here. David was a returned service man and when work
resumed he obtained a position at the mine and continued
to work there until his untimely death.
The life of a miner
has, as many of you here will know, always meant hard
and dangerous work. Every improvement of working
conditions had to be fought for. Captainís Flat miners
waged many courageous struggles to obtain concessions
from the management of Lake George Mines and much of
this has been documented elsewhere.
The lives of the
women in mining towns have also been hard, but this has
never received the recognition it so rightly deserves
until recent times. It was the women who shouldered the
burden of raising children, getting by on meager wages
and at times no money at all when strikes or lockouts
occurred. They were the ones who lived in constant fear
of death or injury to their men and who had to face the
shocking reality when their fears are confirmed.
In the records of
the Department of Mines the deaths of miners are
recorded briefly among other statistics such as the
amount of tonnage mined, profits obtained and geological
information. The brief statement of how the death
occurred does not convey the trauma, heartache and grief
of the family when they are told their loved one is
coming off shift for the last time.
It is impossible for
me to convey the emotions you experience when someone
knocks on your door and conveys that message to you.
Only those who have experienced such an event would
understand. I guess the same can be said of any sudden
In the aftermath of
such a traumatic event wives and families are left to
pick up the pieces of their shattered lives and get on
with the business of living and caring for those left
behind. There was no trauma counseling and women had to
draw on an inner strength to sustain them.
It is at such times
that mining towns like Captains Flat, come to the fore
with financial and moral support to sustain the grieving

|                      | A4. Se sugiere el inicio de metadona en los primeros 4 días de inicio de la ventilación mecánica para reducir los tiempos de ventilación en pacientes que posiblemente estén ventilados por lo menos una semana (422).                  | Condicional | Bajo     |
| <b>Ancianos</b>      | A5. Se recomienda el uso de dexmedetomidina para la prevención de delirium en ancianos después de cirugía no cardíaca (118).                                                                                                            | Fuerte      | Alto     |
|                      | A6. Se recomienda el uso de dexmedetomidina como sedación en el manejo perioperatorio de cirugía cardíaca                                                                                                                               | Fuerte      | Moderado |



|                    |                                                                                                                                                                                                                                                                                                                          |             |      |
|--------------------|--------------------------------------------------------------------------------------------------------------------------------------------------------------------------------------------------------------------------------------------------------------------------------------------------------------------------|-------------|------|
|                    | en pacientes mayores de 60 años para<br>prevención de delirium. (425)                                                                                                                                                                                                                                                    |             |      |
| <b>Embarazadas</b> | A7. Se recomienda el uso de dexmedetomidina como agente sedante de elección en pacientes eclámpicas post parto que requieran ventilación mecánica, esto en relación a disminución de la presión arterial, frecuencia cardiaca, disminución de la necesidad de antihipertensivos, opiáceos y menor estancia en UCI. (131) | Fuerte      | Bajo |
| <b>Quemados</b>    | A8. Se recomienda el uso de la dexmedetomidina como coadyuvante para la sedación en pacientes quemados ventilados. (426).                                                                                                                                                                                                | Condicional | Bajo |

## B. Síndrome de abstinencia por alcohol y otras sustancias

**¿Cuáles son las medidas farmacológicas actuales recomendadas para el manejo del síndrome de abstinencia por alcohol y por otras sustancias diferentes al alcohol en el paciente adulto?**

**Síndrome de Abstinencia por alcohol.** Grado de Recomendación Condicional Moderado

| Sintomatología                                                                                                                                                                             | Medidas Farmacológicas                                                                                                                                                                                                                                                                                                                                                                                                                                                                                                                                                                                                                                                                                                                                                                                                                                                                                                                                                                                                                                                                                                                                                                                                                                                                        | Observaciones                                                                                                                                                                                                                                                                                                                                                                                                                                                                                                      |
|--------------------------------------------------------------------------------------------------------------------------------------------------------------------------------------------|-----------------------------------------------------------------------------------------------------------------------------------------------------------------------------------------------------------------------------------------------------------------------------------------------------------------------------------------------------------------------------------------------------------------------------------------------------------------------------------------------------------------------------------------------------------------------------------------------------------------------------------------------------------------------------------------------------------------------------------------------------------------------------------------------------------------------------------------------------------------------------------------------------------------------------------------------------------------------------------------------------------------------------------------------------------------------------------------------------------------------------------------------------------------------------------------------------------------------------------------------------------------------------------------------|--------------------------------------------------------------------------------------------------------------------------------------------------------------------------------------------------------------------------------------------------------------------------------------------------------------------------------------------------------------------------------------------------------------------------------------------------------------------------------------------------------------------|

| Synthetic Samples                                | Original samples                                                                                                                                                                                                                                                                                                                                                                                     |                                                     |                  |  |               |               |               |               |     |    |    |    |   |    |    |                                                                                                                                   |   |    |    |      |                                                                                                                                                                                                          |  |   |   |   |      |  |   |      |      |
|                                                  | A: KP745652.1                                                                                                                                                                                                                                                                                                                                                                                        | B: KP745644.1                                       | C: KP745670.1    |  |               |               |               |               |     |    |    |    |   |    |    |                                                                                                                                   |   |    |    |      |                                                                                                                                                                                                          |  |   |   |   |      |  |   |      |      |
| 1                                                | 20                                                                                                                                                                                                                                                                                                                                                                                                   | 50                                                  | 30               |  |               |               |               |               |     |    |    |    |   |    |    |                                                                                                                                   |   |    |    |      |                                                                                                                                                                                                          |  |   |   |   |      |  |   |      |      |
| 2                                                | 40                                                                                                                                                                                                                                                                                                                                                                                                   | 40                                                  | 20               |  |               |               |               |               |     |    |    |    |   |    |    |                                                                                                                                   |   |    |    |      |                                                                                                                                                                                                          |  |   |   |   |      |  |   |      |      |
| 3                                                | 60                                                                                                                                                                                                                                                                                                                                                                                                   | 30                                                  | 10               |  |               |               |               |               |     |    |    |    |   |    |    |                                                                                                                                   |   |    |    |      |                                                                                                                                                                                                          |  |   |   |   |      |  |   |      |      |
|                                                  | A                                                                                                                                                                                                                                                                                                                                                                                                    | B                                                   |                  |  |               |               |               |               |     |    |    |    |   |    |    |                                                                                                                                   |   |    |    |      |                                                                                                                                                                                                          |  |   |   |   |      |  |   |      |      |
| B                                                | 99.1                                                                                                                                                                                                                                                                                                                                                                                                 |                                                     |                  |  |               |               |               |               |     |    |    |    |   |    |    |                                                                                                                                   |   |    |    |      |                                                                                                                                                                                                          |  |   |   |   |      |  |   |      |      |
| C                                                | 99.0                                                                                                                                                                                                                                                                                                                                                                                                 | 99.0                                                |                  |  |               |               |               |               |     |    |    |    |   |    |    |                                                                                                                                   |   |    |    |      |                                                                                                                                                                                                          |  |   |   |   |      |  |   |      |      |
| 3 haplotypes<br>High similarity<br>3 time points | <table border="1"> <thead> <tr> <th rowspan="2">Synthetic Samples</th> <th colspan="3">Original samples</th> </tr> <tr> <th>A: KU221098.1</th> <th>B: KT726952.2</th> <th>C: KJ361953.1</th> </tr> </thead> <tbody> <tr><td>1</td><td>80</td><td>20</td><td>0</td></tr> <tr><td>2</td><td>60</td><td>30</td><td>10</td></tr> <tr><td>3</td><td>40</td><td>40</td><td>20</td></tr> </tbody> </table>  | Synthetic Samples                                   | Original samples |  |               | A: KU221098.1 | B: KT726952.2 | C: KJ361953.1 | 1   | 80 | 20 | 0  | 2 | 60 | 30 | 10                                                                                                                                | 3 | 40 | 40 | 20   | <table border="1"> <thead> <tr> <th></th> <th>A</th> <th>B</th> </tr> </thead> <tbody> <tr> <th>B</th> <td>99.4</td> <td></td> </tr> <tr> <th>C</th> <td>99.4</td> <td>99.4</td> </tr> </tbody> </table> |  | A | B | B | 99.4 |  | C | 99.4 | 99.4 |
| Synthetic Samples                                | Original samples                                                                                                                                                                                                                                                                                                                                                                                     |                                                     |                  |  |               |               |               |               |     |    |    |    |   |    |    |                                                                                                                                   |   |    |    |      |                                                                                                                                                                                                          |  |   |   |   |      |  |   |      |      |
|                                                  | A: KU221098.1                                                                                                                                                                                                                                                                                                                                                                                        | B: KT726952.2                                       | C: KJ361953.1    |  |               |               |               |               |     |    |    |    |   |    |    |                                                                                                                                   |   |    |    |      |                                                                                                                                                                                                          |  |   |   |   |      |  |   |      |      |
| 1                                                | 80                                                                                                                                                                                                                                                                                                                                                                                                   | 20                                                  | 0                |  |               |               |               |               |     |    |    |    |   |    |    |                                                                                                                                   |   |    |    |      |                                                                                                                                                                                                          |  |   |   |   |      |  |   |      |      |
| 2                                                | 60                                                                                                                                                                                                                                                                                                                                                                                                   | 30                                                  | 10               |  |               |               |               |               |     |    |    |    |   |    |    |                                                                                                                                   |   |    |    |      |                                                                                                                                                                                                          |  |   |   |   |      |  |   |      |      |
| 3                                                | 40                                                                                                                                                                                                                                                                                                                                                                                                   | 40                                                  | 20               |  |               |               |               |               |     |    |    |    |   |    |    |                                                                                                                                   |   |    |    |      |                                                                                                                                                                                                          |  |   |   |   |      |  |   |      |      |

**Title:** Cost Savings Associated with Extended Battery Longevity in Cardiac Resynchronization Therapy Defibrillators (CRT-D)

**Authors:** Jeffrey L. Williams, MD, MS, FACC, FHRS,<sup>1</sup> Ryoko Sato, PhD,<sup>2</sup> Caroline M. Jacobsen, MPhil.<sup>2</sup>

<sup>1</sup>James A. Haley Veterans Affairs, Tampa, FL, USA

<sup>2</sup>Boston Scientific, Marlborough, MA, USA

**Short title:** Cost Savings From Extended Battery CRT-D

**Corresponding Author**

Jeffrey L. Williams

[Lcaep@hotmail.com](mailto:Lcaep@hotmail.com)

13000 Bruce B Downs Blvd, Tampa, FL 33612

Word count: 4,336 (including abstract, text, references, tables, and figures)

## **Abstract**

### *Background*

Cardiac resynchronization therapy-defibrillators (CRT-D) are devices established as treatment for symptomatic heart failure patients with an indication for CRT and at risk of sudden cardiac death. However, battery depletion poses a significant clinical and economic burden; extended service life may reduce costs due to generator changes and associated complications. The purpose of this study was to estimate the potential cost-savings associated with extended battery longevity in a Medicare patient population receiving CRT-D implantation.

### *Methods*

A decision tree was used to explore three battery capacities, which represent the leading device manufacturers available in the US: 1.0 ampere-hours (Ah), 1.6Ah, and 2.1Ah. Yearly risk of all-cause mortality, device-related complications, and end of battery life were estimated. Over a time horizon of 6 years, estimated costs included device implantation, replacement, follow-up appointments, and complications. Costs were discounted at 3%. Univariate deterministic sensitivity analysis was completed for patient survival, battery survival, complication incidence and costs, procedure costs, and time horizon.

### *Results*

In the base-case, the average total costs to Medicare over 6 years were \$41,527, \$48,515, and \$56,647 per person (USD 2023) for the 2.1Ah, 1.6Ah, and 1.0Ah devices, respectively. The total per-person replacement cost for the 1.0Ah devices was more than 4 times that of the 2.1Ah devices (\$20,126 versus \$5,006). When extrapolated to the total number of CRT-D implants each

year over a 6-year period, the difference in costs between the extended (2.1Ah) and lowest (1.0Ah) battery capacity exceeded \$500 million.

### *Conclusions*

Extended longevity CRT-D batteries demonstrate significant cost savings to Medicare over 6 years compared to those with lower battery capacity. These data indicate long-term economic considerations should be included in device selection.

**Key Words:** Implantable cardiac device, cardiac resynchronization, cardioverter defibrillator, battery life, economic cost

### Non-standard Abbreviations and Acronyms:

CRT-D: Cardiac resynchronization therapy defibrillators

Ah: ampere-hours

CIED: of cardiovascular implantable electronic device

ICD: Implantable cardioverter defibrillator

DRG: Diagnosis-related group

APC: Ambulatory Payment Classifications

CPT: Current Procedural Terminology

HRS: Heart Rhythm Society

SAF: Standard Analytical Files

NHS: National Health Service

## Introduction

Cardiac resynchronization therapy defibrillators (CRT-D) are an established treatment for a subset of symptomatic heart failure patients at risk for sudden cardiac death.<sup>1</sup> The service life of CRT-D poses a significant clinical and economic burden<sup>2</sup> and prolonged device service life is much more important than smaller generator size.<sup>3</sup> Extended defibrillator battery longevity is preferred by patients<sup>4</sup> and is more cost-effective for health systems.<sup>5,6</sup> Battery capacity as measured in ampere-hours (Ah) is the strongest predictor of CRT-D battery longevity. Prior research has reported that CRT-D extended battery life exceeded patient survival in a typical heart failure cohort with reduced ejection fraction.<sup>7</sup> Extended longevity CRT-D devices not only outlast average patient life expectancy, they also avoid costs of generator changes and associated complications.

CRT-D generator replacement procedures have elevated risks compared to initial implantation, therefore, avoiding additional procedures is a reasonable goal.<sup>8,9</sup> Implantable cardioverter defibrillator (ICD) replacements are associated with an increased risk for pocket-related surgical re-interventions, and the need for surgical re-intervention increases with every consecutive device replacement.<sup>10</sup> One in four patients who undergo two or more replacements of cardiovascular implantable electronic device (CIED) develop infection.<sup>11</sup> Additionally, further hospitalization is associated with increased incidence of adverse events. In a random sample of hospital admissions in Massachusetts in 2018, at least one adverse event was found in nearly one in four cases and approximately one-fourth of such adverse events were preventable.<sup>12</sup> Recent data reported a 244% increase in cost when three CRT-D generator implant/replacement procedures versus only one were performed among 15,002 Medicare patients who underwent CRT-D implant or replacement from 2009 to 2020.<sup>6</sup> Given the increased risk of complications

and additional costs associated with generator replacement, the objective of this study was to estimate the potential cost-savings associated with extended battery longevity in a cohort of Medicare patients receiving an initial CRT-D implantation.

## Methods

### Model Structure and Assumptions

members of their little community. There is a shared
grief and a sense of loss felt by all when a death
It is gratifying to
know that that community spirit lives on and is
symbolically embodied in this monument. Many of the
names inscribed are familiar to me. Some are not but
each one of them is a reminder of a short, painful and
very public tragedy. A tragedy that has been felt by all
of us and provides a constant reminder of the price that
is often paid to allow the work of mining to continue.
It is also
gratifying to see so many of the old Flatites turn out
for this occasion. Captains Flat has often been called a
ghost town and if there are ghosts here they are not
only the ghosts of those who died in the mine but ghosts
of those of us, whose history is inextricably woven into
the fabric of the towns history. I know this place holds
many memories, both good and bad, of my years spent here
and of the people who shared a small part of my life.
On behalf of the
wives and mothers I thank the Captains Flat Community
Association and all the people who had the vision, the
tenacity and the will to see this project come to
fruition. It is indeed a wonderful and fitting tribute
to our husbands, brothers and sons whose names are
lovingly inscribed on this monument.
And I again thank
those who gave me the opportunity to be here and make my
small contribution to todayís ceremony."